Why Fall Allergies (and the Flu) Could Be Worse This Year
Seasonal allergies affect nearly 60 million people in the U.S. each year. All across the country, factors such as climate change and dry spells have largely contributed to an increase in pollen counts and allergy cases this year.
In a recent survey conducted by OnePoll on behalf of Tivic Health, two-thirds of respondents said their allergy symptoms have worsened over the years, including 75% of those in the Northeast. Overall, more than half attribute this to increased indoor and outdoor pollution (58%) and rising temperatures (56%).
This fall, with fewer Covid-19 restrictions now in place globally, medical experts are seeing evidence that there will be an uptick in fall allergies and flu cases.
According to Dr. Alan Goldsobel, at Allergy and Asthma Associates of Northern California, “There is anticipation that there will be a booming fall allergy season, both from ongoing global warming causing earlier and higher pollen counts, as well as many people now masking much less. Warmer temperatures cause plants to pollinate much earlier, thus causing more symptoms among allergy sufferers.”
And just this summer, the World Health Organization (WHO) reported an increase in flu cases in the Southern Hemisphere – Australia, in particular, experienced its worst flu season in five years. Historically, flu trends in the Southern Hemisphere are a seasonal harbinger for the U.S., so if this continues to hold true, the U.S. may be in for a severe flu season this year.
According to infectious disease specialists at the Mayo Clinic, since the pandemic, our lack of exposure to flu viruses over the past two flu seasons may be problematic as our immune systems don’t “remember” the virus and how to attack it.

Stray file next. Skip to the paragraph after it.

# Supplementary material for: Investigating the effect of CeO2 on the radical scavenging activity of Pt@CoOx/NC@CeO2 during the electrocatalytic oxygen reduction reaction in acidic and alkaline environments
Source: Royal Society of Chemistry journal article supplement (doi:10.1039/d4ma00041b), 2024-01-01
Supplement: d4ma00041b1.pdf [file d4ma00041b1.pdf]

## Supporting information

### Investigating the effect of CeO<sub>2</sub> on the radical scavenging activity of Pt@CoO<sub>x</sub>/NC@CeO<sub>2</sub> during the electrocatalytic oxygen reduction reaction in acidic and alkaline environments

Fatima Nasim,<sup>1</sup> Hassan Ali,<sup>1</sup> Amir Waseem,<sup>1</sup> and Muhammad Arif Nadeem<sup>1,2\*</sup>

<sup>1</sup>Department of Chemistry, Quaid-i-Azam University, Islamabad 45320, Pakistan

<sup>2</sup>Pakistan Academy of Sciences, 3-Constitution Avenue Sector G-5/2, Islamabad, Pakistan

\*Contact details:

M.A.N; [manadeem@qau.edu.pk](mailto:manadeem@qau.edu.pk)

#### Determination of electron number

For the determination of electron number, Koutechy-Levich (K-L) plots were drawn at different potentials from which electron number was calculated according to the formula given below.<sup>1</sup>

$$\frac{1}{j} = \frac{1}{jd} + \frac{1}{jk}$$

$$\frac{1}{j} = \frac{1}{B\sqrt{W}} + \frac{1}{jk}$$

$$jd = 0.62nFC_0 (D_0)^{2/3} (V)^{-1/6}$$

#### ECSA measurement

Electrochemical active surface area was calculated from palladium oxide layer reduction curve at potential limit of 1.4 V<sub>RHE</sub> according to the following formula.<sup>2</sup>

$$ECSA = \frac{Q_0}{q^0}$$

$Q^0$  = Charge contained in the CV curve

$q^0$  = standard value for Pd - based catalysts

How will this impact people’s lifestyles?
The same survey revealed that nearly 70% of allergy sufferers have trouble enjoying the fall season due to their allergies. People’s seasonal allergies prevent them from being fully engaged in outdoor activities such as hiking and fall-themed photo shoots (56%), outdoor events such as a hayride or turkey trot (52%), and yard work (49%).
Additionally, the Covid-19 pandemic has had a lasting impact on the workforce, with more people exercising the option of working from home when they are sick and no longer feeling shunned by their coworkers for doing so.
What are some ways to cope with fall allergies and flu symptoms?
Dr. Goldsobel continues, “Avoidance can only go so far. It’s nice to be outdoors in early fall. There are no new prescription or over-the-counter medications available. And while immunotherapy (allergy shots) can be extremely helpful, patients must start treatment long before the season begins.
“For nasal congestion, sinus headache, or sinus pain from allergies, try ClearUP – a clinically proven, drug-free, non-invasive device that provides rapid relief. It’s a new form of treatment that uses safe neuromodulation as a way to address patient needs.
“The best protection against the flu is to get a flu vaccine. This reduces the risk of hospitalization and death due to influenza, especially among high-risk groups including young children, older people, and those with certain medical conditions.” ...Read More